+ I try…I really do. I try not to complain about other preachers. But, there is one thing I have never enjoyed about preachers.
I am always made uncomfortable by preachers who use the pulpit as a confessional booth.
That’s a joke, of course. Because, who does it more than me? I’ve confessed to you from here before. And I apologize for that.
But…this morning—this Sunday of the Holy Trinity—I am going to do it once again. I apologize in advance for this one too. This is a confession that one I don’t think I’ve ever share with too many people. Not many people know about this fact about me.
But…many years ago, long before I became a priest, not long before I became interested in the Episcopal Church, as I was still searching on my spiritual journey, I…joined the Unitarian-Universalist Church. I know some of you know about the so called UU Church. Some of you were members of that denomination at one point.
I joined while I was searching and was a very content Unitarian, actually. I enjoyed the UU Church. It was certainly a progressive church. I was very welcomed into the Church and was treated very well by them. I still hold them in high esteem. And I still have a very warm place in my heart for the UU Church.
I ultimately had a few issues with them, though. One of the main reason I am not a Unitarian-Universalist now, is that the church was very humanist in its beliefs. Oftentimes, I felt as though I was at a college lecture, rather than at a church. And I was craving something spiritual at that point in my life—and of course still am. I was craving God in my life at that time, and there was not much talk about God at the UU Churches I attended.
Another issue was, of course, liturgy. I need my liturgy! And there was no liturgy of any sort in the UU churches I attended. I did not yet know about a Unitarian congregation in Boston called King’s Chapel, which was originally founded as an Anglican church, but later became Unitarian while still keeping a worship and liturgy that is based on the Book of Common Prayer.
Finally, the biggest issue for me was, of course…Jesus. Jesus was THE issue for me. I, as you all know, always believed, in some way, in the Incarnation—in the belief that Jesus was God come to us in the flesh, which Unitarians definitely did not believe. At this point in my life, I was exploring other aspects of spirituality, but when it all came down to it in the end, this was a very major part of my spiritual life, I realized. In that sense, it was a good thing to explore UUism. I came away with an even deeper appreciation of Jesus after my very short time with them.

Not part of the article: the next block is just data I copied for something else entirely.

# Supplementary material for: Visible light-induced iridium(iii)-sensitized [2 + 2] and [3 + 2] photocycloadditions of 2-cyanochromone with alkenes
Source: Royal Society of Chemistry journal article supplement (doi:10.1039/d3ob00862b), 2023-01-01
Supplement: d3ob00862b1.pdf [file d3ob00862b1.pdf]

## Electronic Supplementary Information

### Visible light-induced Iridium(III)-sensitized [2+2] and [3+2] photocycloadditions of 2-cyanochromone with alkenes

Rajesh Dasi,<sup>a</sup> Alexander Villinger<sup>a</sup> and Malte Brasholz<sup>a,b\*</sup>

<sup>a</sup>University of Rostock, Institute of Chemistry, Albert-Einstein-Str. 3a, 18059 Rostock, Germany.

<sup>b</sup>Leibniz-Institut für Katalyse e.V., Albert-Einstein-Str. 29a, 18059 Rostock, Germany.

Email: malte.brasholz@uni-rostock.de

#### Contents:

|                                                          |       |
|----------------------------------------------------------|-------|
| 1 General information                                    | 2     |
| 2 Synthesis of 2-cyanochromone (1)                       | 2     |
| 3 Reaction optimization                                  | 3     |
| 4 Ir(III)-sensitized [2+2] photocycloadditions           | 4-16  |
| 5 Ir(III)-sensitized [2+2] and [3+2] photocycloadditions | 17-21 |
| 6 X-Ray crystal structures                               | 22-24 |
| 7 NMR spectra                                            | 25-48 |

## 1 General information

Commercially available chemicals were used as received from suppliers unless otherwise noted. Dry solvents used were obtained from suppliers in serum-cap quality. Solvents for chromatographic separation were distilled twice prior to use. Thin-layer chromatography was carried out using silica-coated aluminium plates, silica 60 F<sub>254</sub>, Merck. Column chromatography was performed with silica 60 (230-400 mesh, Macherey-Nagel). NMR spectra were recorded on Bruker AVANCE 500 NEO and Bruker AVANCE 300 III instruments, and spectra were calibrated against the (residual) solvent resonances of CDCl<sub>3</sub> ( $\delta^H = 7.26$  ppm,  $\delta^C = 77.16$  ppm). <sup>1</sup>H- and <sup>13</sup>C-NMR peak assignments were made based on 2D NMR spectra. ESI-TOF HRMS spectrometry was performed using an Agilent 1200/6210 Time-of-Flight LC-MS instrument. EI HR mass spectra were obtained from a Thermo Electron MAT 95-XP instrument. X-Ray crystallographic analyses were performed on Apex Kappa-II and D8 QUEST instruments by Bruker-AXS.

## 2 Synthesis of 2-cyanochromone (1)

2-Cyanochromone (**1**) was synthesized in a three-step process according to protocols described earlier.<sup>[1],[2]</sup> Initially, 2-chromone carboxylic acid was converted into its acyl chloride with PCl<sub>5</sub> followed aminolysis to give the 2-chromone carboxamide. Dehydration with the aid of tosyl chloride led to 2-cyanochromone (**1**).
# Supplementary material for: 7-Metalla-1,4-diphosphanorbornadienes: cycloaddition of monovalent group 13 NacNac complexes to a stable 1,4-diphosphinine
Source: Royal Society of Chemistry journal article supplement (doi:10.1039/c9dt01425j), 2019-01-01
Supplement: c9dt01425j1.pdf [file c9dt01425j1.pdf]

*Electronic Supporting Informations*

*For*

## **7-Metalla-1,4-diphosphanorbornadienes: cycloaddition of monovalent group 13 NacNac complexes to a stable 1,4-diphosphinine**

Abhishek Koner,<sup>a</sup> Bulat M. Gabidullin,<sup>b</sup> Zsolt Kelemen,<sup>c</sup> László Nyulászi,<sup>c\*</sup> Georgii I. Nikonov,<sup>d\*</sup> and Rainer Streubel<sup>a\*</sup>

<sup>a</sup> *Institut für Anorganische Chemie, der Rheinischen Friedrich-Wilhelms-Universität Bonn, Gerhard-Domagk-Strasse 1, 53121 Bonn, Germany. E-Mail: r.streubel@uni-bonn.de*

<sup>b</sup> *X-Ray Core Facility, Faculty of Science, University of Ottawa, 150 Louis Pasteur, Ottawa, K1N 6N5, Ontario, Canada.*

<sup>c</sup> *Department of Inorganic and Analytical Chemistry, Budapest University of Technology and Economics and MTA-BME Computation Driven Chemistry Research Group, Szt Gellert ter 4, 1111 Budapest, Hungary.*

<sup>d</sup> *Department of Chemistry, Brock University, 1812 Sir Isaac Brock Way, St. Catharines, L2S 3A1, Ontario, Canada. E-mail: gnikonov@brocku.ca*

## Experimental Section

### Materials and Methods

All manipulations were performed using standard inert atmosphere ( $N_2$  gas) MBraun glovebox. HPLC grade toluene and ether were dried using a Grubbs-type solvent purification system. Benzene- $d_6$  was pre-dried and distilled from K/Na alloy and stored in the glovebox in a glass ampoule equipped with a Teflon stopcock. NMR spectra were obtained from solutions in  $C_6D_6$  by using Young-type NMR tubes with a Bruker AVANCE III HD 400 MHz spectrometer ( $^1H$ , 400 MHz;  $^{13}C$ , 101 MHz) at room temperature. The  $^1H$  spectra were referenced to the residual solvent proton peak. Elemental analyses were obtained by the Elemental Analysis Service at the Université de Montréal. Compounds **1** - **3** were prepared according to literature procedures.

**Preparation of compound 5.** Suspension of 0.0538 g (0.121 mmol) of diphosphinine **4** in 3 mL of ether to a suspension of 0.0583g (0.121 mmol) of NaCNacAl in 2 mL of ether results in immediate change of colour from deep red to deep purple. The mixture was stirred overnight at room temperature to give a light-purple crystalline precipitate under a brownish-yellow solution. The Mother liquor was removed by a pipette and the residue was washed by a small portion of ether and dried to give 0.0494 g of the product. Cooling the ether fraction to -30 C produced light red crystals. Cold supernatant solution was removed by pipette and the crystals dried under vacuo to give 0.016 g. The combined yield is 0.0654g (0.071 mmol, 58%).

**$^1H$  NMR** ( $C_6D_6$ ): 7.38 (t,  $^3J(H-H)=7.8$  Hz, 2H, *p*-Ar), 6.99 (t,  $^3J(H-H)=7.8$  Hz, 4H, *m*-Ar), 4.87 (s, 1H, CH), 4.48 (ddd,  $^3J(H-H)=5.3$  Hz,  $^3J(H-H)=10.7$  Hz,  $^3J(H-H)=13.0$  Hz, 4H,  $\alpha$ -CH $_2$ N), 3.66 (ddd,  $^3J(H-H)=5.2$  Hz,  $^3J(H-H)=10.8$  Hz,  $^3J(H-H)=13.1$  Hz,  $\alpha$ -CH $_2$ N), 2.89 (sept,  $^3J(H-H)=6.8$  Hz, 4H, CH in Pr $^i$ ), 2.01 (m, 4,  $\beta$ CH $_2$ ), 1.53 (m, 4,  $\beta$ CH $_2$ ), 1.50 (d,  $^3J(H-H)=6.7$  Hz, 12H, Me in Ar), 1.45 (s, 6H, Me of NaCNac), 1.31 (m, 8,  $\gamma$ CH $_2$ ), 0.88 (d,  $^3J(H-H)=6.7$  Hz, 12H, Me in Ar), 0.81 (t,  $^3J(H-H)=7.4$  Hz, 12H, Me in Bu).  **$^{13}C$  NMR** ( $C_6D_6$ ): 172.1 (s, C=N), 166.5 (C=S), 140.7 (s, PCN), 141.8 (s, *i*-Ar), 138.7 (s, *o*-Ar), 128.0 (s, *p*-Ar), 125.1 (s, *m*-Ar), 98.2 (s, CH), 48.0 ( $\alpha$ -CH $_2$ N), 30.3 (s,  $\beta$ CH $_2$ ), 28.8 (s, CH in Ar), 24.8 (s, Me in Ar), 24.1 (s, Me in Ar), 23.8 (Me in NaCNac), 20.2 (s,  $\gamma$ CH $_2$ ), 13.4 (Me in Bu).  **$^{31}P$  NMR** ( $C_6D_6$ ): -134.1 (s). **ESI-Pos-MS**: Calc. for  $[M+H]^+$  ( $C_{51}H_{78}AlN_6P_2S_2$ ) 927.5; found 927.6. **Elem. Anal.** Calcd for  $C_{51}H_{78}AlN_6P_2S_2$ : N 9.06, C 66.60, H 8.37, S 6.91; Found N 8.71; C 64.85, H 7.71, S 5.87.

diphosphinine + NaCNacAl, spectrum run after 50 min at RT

The UU Church is a very old, very respected strain of religious thought, that comes from the so-called “Arian heresy” of the third century. Unitarians had an issue with what we are celebrating today—the holy Trinity.
Now, as a Unitarian, I never really had any issues with the Trinity. I didn’t become a Unitarian because I didn’t believe in the Trinity. In fact, the Trinity was just something I has always kind of lived with and accepted.
Most of us, let’s face it, don’t give the Trinity a lot of thought. We assume God is Trinitarian. But for the most part we don’t lose sleep over what it is or how it works.
People who are losing sleep over the Trinity these days are those preachers who have to preach about the Trinity on this Sunday. Our own Sandy Holbrook was originally going to preach about it today. I’m not saying she chickened out on it (she actually did preach on Holy Trinity Sunday three years ago).
But I had no issue taking up the baton for the sermon today. It’s my job after all, as your priest. I definitely am not one of those preachers who lost sleep this week fretting over what I was going to say about the Trinity, even despite my Unitarian background. I approach this Sunday and this concept of the Holy Trinity as I approach any similar situation, like Christmas or Easter or, as we celebrated last Sunday, the Holy Spirit and Pentecost.
It’s a mystery. And I love the mystery of our faith. And let me tell you, there is nothing more mysterious than the Trinity. God as Three-in-One—God as Father or Parent or Creator, God as Son or Redeemer and God as Spirit or Sanctifier.
I know, I know. It’s difficult to wrap our minds around this concept of God. The questions we priests regularly get is: how can God be three and yet one? How can we, in all honesty, say that we believe in one God when we worship God as three? Certainly our Muslim brothers and sisters ask that very important question of us: Aren’t you simply talking about three gods? (We’re not, by the way—just to be clear about that)
Whole Church councils have debated the issue of the Trinity throughout history. The Church actually has split at times over its interpretation of what exactly this Trinity is. We can debate it all we want this morning. We can talk what is orthodox or right-thinking about the Trinity all we want. But the fact remains that unless we have experienced God in some kind of tri-personal way, nothing I or anyone can say about the Trinity is going to matter.